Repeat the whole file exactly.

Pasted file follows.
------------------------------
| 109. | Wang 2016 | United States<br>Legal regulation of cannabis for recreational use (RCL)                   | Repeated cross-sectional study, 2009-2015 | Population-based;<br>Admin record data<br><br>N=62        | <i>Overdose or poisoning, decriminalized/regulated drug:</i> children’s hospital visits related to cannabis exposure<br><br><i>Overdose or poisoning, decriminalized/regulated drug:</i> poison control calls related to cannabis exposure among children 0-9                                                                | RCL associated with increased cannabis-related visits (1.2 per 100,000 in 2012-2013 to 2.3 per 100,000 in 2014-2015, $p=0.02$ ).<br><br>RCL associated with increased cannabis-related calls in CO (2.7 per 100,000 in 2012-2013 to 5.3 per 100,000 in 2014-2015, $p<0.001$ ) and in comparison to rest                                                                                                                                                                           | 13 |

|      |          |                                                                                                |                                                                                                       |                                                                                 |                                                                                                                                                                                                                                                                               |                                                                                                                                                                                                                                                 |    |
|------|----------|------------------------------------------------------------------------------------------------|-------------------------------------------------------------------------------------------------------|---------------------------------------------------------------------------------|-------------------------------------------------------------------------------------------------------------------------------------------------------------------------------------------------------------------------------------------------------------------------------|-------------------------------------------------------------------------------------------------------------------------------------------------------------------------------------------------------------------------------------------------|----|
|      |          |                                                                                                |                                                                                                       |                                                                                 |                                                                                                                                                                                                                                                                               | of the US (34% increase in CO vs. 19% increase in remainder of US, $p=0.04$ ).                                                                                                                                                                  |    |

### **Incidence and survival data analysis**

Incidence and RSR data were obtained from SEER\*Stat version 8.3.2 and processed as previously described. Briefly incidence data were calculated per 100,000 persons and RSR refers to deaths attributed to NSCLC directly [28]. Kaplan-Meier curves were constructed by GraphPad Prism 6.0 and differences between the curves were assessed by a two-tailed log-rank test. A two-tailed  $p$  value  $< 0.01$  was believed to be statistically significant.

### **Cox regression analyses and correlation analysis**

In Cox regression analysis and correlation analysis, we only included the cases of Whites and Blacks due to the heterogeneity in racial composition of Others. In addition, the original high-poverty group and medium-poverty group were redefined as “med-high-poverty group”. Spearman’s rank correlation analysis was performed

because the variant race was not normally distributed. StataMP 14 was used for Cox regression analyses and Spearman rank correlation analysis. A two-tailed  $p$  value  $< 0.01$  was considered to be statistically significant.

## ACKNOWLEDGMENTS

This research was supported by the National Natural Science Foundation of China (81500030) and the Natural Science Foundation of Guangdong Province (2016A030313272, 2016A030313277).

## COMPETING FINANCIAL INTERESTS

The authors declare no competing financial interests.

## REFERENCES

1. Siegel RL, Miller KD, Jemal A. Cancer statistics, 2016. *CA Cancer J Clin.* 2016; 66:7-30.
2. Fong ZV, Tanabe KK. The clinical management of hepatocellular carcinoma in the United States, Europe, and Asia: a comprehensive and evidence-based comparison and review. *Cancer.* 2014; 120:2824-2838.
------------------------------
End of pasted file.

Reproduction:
| 109. | Wang 2016 | United States<br>Legal regulation of cannabis for recreational use (RCL)                   | Repeated cross-sectional study, 2009-2015 | Population-based;<br>Admin record data<br><br>N=62        | <i>Overdose or poisoning, decriminalized/regulated drug:</i> children’s hospital visits related to cannabis exposure<br><br><i>Overdose or poisoning, decriminalized/regulated drug:</i> poison control calls related to cannabis exposure among children 0-9                                                                | RCL associated with increased cannabis-related visits (1.2 per 100,000 in 2012-2013 to 2.3 per 100,000 in 2014-2015, $p=0.02$ ).<br><br>RCL associated with increased cannabis-related calls in CO (2.7 per 100,000 in 2012-2013 to 5.3 per 100,000 in 2014-2015, $p<0.001$ ) and in comparison to rest                                                                                                                                                                           | 13 |

|      |          |                                                                                                |                                                                                                       |                                                                                 |                                                                                                                                                                                                                                                                               |                                                                                                                                                                                                                                                 |    |
|------|----------|------------------------------------------------------------------------------------------------|-------------------------------------------------------------------------------------------------------|---------------------------------------------------------------------------------|-------------------------------------------------------------------------------------------------------------------------------------------------------------------------------------------------------------------------------------------------------------------------------|-------------------------------------------------------------------------------------------------------------------------------------------------------------------------------------------------------------------------------------------------|----|
|      |          |                                                                                                |                                                                                                       |                                                                                 |                                                                                                                                                                                                                                                                               | of the US (34% increase in CO vs. 19% increase in remainder of US, $p=0.04$ ).                                                                                                                                                                  |    |

### **Incidence and survival data analysis**

Incidence and RSR data were obtained from SEER\*Stat version 8.3.2 and processed as previously described. Briefly incidence data were calculated per 100,000 persons and RSR refers to deaths attributed to NSCLC directly [28]. Kaplan-Meier curves were constructed by GraphPad Prism 6.0 and differences between the curves were assessed by a two-tailed log-rank test. A two-tailed  $p$  value  $< 0.01$  was believed to be statistically significant.

### **Cox regression analyses and correlation analysis**

In Cox regression analysis and correlation analysis, we only included the cases of Whites and Blacks due to the heterogeneity in racial composition of Others. In addition, the original high-poverty group and medium-poverty group were redefined as “med-high-poverty group”. Spearman’s rank correlation analysis was performed

because the variant race was not normally distributed. StataMP 14 was used for Cox regression analyses and Spearman rank correlation analysis. A two-tailed  $p$  value  $< 0.01$  was considered to be statistically significant.

## ACKNOWLEDGMENTS

This research was supported by the National Natural Science Foundation of China (81500030) and the Natural Science Foundation of Guangdong Province (2016A030313272, 2016A030313277).

## COMPETING FINANCIAL INTERESTS

The authors declare no competing financial interests.

## REFERENCES

1. Siegel RL, Miller KD, Jemal A. Cancer statistics, 2016. *CA Cancer J Clin.* 2016; 66:7-30.
2. Fong ZV, Tanabe KK. The clinical management of hepatocellular carcinoma in the United States, Europe, and Asia: a comprehensive and evidence-based comparison and review. *Cancer.* 2014; 120:2824-2838.